How to Bleed the Brakes on a Kawasaki KLR 650
Bleeding the brakes is an important step to any brake maintenance you do on a Kawasaki motorcycle in which you open up the braking system.
It’s also a great addition to your bike’s routine maintenance schedule, since brake fluid absorbs moisture over time, cutting short your motorcycle's stopping power. Watch the video above and follow the steps below to learn how to do a Kawasaki KLR 650 brake bleed.
Tools and Parts Needed – Kawasaki KLR 650 Brake Bleed
Bleeding the Rear Brakes on a Kawasaki KLR650
Step 1: Use your Phillips head screwdriver to remove the protective cover of the rear brake reservoir on the right side of the motorcycle.
Step 2: Remove the cap and the nylon diaphragm from the brake fluid reservoir, and top off the reservoir with DOT 4 brake fluid.
Step 3. Position your box-end wrench over the brake fluid drain valve located on top of the caliper, then attach a 3/16th hose to that valve, and run the other end of the hose to a drain pan.
Step 4. Use your hand to pump the brake pedal a few times, and then hold that pressure on the pedal. Turn the wrench about a quarter turn to open the valve on the caliper, which will start the flow of brake fluid. As the fluid comes out, you’ll feel the brake pedal bottom out in your hand. When it does, proceed with the next step.
NOTE: For bleeding the brakes, the manual method uses brake pressure to drive the old brake fluid out of the system. For the fluid extractor method, the extractor pulls the fluid from the bottom of the system. If you’re using a fluid extractor, keep topping off the brake fluid in the reservoir to prevent air from pulling into the system.
Step 5. Turn the valve a quarter turn back to close it, then repeat the process until the fluid turns from the brownish color of old fluid to the clearer color of new fluid. Keep adding fluid into the reservoir to pull it through the system.
PRO TIP: The fluid extractor method works the same way as the manual method, except that there’s no need to pump the brake pedal since the extractor is pulling the fluid through the system instead of you pushing it out manually.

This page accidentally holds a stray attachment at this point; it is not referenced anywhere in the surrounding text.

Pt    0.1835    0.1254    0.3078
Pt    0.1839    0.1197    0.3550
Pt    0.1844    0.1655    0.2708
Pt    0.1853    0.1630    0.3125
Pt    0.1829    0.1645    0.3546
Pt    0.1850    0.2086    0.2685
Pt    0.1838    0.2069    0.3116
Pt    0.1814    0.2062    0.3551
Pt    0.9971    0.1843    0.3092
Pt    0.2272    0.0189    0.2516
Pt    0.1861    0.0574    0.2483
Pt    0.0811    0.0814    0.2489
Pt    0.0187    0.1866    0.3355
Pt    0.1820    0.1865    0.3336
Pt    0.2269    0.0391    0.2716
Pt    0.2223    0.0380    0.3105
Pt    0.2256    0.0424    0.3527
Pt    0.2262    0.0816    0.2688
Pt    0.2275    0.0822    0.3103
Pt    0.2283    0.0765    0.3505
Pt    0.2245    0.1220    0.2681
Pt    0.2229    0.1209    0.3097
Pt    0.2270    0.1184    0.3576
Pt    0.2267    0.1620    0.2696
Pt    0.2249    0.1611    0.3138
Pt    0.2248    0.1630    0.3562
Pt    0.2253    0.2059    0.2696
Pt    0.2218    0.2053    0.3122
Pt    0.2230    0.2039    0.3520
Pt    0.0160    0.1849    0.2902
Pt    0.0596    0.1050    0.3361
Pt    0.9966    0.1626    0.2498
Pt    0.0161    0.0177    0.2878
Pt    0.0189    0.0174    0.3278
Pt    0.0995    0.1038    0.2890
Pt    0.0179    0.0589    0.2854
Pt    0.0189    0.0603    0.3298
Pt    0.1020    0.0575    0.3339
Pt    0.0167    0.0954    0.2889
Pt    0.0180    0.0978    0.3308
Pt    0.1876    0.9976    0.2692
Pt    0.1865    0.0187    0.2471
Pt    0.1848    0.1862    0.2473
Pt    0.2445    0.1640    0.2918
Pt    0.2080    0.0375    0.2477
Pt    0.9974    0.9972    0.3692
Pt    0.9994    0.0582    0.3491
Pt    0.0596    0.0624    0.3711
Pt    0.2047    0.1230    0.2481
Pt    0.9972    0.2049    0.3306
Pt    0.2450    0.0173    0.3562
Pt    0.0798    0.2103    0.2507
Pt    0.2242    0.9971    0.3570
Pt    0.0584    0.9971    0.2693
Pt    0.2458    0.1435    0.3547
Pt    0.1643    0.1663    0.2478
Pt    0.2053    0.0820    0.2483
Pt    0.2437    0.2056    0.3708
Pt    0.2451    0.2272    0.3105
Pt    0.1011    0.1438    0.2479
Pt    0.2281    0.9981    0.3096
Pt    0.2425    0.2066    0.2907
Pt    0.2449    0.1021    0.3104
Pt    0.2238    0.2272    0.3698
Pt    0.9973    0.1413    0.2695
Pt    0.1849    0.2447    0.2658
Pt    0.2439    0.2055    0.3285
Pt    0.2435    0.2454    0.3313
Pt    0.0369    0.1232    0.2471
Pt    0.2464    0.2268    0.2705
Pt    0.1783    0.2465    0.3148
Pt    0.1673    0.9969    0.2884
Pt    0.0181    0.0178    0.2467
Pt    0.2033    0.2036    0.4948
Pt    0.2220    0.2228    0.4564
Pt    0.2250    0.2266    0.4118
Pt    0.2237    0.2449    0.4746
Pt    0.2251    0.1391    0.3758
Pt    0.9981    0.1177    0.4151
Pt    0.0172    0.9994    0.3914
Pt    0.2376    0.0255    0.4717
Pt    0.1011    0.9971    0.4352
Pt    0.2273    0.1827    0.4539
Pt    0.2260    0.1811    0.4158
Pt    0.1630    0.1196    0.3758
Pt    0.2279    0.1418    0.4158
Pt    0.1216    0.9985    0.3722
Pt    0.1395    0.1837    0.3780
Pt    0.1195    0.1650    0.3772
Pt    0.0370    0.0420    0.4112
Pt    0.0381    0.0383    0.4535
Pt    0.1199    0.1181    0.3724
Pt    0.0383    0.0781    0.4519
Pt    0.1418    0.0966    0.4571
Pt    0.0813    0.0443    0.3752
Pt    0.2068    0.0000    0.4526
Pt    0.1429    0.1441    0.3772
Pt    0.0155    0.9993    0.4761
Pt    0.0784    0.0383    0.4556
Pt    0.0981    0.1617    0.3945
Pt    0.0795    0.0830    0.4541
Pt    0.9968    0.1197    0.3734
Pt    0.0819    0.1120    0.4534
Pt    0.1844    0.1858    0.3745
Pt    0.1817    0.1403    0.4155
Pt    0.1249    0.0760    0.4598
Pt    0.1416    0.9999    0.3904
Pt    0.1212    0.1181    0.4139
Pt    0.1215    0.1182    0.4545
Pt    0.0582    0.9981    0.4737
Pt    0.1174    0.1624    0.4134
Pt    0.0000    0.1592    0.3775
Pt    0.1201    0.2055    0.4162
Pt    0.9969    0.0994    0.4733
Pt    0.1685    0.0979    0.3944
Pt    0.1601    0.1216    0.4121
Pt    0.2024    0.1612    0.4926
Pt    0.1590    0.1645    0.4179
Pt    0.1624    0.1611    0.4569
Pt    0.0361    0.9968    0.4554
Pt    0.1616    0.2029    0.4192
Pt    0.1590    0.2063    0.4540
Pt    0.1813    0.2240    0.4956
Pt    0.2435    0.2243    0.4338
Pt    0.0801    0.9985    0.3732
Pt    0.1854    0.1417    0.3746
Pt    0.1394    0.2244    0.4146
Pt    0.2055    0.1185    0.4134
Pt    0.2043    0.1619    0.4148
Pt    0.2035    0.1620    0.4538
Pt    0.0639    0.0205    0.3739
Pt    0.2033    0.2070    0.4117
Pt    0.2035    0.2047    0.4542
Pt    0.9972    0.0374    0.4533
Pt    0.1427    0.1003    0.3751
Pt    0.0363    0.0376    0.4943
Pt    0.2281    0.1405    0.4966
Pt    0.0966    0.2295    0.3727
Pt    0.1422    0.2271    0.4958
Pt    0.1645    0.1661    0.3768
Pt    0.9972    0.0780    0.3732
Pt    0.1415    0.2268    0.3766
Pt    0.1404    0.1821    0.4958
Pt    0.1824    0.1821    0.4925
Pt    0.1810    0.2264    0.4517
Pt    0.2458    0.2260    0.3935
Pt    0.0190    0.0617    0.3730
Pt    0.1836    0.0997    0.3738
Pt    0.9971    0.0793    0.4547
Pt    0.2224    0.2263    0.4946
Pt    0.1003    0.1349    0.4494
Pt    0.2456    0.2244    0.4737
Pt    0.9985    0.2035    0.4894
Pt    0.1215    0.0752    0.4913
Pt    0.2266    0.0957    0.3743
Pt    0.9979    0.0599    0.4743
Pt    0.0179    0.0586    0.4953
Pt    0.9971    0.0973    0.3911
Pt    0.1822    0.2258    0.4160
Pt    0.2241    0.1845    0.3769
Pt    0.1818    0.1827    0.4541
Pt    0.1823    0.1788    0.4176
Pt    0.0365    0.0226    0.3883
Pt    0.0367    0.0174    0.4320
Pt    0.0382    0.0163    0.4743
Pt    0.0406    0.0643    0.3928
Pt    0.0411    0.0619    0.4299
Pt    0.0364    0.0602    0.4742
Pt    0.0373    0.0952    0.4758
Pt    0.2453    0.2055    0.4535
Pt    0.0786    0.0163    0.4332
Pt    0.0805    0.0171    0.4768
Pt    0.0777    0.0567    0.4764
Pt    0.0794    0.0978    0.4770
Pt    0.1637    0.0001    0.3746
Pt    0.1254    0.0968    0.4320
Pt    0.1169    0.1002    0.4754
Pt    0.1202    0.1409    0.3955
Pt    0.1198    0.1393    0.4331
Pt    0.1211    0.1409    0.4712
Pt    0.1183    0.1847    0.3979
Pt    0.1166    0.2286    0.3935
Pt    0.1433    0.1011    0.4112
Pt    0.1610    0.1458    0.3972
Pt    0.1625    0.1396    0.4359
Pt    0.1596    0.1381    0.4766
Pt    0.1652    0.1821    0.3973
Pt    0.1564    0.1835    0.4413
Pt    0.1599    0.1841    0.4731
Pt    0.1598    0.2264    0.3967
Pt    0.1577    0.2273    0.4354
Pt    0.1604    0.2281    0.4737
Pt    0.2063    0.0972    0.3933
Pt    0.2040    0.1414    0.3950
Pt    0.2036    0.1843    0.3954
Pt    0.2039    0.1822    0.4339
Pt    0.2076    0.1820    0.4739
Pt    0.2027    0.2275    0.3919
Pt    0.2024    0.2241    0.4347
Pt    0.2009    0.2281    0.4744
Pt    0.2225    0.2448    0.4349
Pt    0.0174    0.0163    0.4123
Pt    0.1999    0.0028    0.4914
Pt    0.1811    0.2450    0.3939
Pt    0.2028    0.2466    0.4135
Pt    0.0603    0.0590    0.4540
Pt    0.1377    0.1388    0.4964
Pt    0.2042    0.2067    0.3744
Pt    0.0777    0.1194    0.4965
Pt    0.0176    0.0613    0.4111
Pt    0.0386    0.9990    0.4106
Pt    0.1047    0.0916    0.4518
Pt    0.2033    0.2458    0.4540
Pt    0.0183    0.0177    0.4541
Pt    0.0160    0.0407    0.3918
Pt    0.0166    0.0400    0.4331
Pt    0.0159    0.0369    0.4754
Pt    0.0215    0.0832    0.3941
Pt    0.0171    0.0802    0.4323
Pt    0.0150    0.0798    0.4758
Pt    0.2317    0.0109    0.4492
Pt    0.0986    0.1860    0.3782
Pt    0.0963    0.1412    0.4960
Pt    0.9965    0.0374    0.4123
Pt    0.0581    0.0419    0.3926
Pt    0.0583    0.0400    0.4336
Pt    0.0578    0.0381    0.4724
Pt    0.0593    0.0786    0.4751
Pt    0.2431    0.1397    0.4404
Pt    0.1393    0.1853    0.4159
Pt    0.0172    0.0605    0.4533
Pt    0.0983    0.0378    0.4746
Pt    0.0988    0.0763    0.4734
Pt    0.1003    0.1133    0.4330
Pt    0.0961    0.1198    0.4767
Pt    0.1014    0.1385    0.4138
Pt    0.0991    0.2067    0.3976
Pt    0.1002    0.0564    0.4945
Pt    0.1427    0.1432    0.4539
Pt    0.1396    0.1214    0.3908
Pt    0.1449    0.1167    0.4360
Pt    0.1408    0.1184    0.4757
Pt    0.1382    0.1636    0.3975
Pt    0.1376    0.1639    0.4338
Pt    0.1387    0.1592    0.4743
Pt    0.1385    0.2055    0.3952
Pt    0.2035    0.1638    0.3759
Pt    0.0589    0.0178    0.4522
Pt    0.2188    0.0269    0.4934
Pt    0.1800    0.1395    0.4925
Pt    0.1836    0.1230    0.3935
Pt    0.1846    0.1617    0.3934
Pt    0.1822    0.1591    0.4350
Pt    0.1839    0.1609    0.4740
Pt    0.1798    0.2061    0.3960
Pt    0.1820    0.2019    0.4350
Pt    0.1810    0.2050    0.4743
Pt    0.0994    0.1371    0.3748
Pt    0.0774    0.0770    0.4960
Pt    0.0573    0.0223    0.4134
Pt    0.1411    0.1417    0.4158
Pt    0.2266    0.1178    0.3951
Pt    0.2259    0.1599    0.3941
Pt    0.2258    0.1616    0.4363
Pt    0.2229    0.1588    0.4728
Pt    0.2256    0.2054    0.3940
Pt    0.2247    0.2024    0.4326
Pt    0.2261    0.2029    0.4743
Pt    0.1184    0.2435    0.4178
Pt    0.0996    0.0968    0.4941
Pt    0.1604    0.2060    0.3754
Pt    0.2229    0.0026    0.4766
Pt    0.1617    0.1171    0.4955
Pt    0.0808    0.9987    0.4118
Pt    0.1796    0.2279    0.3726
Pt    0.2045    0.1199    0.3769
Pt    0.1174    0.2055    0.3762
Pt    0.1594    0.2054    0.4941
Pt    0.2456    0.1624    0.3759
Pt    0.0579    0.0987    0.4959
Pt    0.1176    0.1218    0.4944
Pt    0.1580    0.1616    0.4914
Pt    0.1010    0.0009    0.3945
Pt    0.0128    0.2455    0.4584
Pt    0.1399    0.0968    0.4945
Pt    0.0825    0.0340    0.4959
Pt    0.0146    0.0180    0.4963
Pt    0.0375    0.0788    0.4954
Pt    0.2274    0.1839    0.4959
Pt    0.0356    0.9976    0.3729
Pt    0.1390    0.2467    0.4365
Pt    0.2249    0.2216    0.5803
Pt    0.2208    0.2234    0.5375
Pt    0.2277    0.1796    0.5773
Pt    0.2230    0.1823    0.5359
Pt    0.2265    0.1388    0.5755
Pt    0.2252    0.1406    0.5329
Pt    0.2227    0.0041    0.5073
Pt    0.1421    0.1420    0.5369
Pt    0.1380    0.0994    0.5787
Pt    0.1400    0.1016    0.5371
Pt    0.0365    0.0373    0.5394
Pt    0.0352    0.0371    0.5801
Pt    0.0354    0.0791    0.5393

Step 6. Close the valve on the caliper, and replace its dust cap when you’re finished.
NOTE: Setting the precise level of fluid in the reservoir is dependent upon the amount of braking material on the brake pads. Set to the lower level line on the reservoir with older pads to give the fluid room to push up when you add new pads. Set to the upper level for newer pads.
Step 7. Replace the rubber/nylon diaphragm, and then screw the cap back on the reservoir.
Step 8. Replace the cover, and tighten the two Phillips head screws holding it in place.
Bleeding the Front Brakes on a KLR650
Step 1. Place a rag under the front brake reservoir on the right side of the handlebar.
NOTE: Brake fluid can damage paint, so you want to have something in place to catch spills.
Step 2. Remove the two Phillips head screws on the reservoir, then open the reservoir and remove the diaphragm inside.
Step 3. Top off the reservoir with new brake fluid.
Step 4. Place your box-end wrench over the valve, then attach your length of hose from the valve to a drain pan.
Step 5. Pump the brake handle and hold it down. Once you feel pressure in the handle, open the valve to start the flow of fluid, then close the valve when the handle bottoms out and repeat. Continue the process until the dirty brown fluid is replaced by clean, clear fluid.
NOTE: Using a fluid extractor on the front is the same as on the back: no need to pump the brake handle, but it’s more important to keep the fluid topped off in the reservoir since it will pull through the system much faster.
Step 6. Close the valve on the caliper to finish the bleed, then set the level.
NOTE: Remember, lower end of the range on the sight glass for old pads, upper end of the range for new pads.
Step 7. Replace the diaphragm, then close the reservoir and secure it by replacing the two Phillips-head screws and you're done.
Watch the video below to learn how to change the brake pads on a Kawasaki KLR 650.